LJWorld.com weblogs Dakotah Drives
Bob Skelding & Dakotah - The Power of the Wagon
Whenever someone says the word “neighborhood” I go to an idyllic scene in my head that resembles something out of a Norman Rockwell painting. A place not too unlike where I grew up in southern Ohio as a boy of the 1960’s. Being an uncommon ‘latchkey’ kid with a single mom who held down several jobs, the neighborhood was a place of enjoyment, exploration, and security. And of course, strict accountabilities; sometimes dealt from the end of the Mrs. Lofty’s ‘whomping board’.
I spoke with Debbie (the sister of the injured wagon teamster Bob Skelding) this week about Bob's release from Rush Foundation Hospital and his next journey to healing. Debbie stated that Bob will be traveling to the house of his other sister in North Carolina for the next phase of his recovery and rehabilitation; a process of unknown length at this time.
This past Thursday, a representative from Citizens National Bank and Macon Beacon newspaper publisher Scott Boyd, visited Bob for the first time since his accident. Bob was presented with a check from the donations received from all over the country as a show of support for his surviving horses and him.
“...I am amazed at the outpouring that has come in for Bob; and the people of Mississippi are just some of the finest people I have ever seen” said Debbie. I mentioned that I have been reading the posts to Bob’s website (www.wagonteamster.com) and that there have been several thousand postings since his accident.
I asked Debbie her opinion as to why so many people are drawn to Wagon-Teamsters such as Bob and Dakotah? Or as Dakotah puts it, what is the power of the wagon? “...you know, back in the day, houses were built with a porch and yard in the front. Everyone knew their neighbors and watched out for one another. Now, instead of a front porch, we’ve got houses with rear-decks. We come and go without notice into the little world we create for ourselves. There is no sense of community.”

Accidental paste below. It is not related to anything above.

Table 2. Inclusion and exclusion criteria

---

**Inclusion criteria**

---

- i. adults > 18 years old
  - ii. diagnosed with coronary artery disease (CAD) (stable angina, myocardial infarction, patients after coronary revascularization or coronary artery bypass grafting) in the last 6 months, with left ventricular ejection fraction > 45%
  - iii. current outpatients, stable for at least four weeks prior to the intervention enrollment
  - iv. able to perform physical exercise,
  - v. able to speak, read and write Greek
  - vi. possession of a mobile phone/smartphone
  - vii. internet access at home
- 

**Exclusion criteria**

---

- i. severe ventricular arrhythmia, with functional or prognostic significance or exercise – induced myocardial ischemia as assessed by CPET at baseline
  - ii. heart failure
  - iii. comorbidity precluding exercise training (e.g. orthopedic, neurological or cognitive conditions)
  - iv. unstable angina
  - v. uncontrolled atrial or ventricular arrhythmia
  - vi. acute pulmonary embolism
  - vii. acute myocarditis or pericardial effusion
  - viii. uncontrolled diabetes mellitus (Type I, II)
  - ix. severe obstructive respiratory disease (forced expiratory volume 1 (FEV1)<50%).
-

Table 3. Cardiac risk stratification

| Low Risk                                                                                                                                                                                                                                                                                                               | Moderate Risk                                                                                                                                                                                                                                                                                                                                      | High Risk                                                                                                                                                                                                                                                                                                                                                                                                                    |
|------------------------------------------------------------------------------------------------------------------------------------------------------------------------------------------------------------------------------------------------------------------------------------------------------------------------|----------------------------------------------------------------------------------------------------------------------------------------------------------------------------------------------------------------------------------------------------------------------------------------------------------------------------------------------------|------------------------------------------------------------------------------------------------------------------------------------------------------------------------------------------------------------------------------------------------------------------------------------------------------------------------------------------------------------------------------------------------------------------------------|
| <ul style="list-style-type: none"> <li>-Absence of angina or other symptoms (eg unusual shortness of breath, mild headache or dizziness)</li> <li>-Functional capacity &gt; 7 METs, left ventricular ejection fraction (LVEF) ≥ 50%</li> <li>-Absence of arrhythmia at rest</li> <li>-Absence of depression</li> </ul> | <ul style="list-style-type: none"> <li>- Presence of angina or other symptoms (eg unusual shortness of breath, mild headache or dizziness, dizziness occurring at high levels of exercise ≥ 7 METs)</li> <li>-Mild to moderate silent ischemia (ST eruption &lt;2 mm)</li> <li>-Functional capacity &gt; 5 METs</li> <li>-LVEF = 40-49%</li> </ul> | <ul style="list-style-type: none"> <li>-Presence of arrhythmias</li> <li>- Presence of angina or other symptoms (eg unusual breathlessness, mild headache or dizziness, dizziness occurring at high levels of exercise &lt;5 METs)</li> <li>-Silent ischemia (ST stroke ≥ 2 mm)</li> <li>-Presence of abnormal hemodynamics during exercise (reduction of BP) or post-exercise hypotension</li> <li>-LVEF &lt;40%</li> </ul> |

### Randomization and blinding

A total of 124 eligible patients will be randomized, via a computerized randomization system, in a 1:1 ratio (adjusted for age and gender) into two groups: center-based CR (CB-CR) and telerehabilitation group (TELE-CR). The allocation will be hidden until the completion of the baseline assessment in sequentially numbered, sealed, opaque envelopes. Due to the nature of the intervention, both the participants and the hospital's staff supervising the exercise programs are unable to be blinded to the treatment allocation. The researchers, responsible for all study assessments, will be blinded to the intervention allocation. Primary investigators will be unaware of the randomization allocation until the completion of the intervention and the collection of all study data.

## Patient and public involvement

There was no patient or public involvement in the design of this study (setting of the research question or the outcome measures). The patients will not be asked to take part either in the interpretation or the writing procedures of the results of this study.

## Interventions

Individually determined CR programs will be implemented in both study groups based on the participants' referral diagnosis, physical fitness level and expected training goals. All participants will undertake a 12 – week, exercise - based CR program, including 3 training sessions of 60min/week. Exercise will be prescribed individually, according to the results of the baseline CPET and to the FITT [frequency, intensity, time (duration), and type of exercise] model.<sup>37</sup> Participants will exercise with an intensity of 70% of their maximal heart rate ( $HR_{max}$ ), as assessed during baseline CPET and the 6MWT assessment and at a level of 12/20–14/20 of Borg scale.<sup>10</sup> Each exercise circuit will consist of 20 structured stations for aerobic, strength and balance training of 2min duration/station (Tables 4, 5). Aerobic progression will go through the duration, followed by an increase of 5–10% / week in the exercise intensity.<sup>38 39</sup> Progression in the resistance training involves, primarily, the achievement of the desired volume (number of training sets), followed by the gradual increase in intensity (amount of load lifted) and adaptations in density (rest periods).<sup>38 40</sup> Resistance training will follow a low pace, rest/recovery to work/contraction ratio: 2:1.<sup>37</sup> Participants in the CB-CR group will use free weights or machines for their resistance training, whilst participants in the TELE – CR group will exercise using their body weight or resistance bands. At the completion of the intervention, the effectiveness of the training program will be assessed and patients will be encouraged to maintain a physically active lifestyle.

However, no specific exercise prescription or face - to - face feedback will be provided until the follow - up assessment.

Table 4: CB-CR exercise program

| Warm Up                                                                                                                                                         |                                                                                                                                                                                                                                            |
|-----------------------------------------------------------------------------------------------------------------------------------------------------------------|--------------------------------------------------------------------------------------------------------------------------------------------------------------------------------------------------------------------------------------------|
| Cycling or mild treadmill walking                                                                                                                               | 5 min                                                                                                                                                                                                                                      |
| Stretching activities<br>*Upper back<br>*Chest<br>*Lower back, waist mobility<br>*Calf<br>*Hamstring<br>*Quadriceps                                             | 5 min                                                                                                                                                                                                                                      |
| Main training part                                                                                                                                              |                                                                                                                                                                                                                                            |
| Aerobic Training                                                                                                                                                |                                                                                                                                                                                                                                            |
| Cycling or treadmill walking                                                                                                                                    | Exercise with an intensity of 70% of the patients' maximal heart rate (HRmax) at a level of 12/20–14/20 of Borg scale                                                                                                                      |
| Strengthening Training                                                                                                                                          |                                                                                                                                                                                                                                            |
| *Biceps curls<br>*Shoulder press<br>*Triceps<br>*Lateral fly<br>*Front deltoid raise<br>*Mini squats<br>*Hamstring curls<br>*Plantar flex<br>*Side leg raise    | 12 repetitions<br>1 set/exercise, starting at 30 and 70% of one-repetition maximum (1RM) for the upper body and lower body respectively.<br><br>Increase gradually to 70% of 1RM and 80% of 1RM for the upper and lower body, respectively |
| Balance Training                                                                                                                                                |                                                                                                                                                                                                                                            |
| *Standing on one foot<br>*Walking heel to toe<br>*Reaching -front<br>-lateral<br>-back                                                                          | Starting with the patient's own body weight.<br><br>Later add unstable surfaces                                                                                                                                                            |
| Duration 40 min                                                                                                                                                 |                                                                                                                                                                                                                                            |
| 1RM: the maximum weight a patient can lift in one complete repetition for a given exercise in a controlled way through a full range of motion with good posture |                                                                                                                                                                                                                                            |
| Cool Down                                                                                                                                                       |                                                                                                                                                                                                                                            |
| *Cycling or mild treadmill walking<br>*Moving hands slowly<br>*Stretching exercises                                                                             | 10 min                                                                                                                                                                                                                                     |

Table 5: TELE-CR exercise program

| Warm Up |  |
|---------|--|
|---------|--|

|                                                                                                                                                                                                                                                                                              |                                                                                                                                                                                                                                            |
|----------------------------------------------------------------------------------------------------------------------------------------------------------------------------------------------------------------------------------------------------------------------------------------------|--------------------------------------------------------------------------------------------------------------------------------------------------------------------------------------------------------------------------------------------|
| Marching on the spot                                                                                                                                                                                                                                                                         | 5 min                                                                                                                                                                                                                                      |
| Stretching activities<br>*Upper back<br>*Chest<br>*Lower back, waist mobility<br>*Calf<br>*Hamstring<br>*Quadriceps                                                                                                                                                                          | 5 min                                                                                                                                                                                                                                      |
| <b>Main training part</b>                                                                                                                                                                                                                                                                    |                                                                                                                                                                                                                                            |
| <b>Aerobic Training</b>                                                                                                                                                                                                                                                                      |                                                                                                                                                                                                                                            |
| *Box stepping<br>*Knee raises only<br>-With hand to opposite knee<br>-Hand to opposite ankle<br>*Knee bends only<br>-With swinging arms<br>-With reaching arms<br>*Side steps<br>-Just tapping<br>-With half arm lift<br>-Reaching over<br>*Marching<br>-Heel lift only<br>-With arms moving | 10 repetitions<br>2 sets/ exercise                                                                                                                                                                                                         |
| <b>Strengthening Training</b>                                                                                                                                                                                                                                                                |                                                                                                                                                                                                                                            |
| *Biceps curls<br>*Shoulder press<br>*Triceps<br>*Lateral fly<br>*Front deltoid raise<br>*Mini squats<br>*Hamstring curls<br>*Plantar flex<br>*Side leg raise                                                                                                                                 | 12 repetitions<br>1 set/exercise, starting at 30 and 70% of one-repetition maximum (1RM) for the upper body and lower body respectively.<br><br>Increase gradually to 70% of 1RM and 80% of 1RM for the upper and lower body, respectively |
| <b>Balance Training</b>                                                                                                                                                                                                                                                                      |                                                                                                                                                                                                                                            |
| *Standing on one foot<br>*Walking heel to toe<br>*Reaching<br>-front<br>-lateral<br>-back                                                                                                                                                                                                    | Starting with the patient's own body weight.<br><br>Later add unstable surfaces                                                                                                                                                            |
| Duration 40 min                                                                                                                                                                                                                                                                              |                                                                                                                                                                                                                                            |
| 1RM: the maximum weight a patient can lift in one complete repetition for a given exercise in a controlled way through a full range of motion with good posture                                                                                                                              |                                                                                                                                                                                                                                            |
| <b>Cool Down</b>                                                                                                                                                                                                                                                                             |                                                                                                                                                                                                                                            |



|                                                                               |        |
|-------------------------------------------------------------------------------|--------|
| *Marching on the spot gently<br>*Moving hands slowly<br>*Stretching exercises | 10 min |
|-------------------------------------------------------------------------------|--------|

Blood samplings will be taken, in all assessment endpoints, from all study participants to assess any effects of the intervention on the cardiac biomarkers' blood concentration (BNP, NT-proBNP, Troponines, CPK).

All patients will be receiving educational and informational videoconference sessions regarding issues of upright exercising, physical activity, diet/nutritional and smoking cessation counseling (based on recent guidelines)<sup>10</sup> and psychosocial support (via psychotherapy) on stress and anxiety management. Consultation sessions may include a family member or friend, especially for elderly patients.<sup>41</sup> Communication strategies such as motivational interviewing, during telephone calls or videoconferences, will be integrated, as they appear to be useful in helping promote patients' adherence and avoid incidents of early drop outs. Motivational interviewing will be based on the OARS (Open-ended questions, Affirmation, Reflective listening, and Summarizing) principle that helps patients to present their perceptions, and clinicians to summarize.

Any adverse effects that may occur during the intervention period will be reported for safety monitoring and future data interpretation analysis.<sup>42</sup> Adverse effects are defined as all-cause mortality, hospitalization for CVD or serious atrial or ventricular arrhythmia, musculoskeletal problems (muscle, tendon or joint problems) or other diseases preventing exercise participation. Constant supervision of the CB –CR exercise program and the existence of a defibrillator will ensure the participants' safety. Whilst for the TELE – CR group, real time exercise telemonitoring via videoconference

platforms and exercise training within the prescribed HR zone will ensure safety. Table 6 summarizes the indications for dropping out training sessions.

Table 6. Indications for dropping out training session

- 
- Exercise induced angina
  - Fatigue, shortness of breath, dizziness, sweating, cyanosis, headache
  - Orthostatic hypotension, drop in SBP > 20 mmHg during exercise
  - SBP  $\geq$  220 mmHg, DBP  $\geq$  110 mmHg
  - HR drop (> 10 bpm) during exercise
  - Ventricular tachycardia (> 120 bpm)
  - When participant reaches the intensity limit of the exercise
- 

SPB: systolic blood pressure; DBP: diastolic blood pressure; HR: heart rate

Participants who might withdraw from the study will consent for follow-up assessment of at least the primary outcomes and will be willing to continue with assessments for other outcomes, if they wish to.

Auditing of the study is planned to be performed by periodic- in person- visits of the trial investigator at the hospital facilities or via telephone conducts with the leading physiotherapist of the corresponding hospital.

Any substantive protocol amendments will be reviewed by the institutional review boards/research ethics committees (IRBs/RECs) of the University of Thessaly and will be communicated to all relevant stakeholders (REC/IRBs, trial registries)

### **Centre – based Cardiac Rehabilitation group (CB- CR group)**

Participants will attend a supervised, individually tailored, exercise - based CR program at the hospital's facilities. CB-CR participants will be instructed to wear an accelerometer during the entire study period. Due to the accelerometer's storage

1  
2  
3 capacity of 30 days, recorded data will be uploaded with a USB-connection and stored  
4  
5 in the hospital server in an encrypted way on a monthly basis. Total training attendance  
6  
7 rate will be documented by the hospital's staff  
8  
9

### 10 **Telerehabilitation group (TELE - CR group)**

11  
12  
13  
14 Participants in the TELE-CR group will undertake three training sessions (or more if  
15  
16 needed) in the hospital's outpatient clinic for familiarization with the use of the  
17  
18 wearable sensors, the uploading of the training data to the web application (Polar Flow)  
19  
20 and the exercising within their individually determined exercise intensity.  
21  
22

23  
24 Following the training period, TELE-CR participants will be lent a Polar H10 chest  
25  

She went on to say, “...when Bob comes through a neighborhood or town, he brings his front porch with him. I think people have a built-in instinct for community-lost that comes back to life when they seem him and are compelled to stop what they are doing to be part of it”
The term ‘muscle memory’ comes to mind. If it is true that our muscles retain a memory of the last time we routinely worked out, then maybe it is equally true that our sprits retain an innate memory of community and closeness now lost in the hubbub pace of our modern day lives. Lone commutes to and from our suburban outposts; ‘on-demand’ service for just about everything (from music and movies to fast food), and the staunch individualism of our personal space, create a life where we find ourselves not alone, but very lonely.
Dakotah called me the other day to say, “you, know, I think I finally understand what the power of the wagon actually is. The wagon is to the human conscience what a defibrillator is to a human heart. It interrupts an unnatural rhythm and restores the heart to a natural beat.”
From the many comments and MySpace friends-request that Dakotah has received since last November, the wagon is a mighty draw; and crosses every age and sociologic strata. Many want to go along, but few are able.
And, so it goes, as the wagon teamster travels through our life, we'll pause and partake of time on the porch. Once again we find community with those who do likewise and add our name to the list of those who, unable to join the journey, will stand alongside the road and cheer the traveler.
Drive on, Dakotah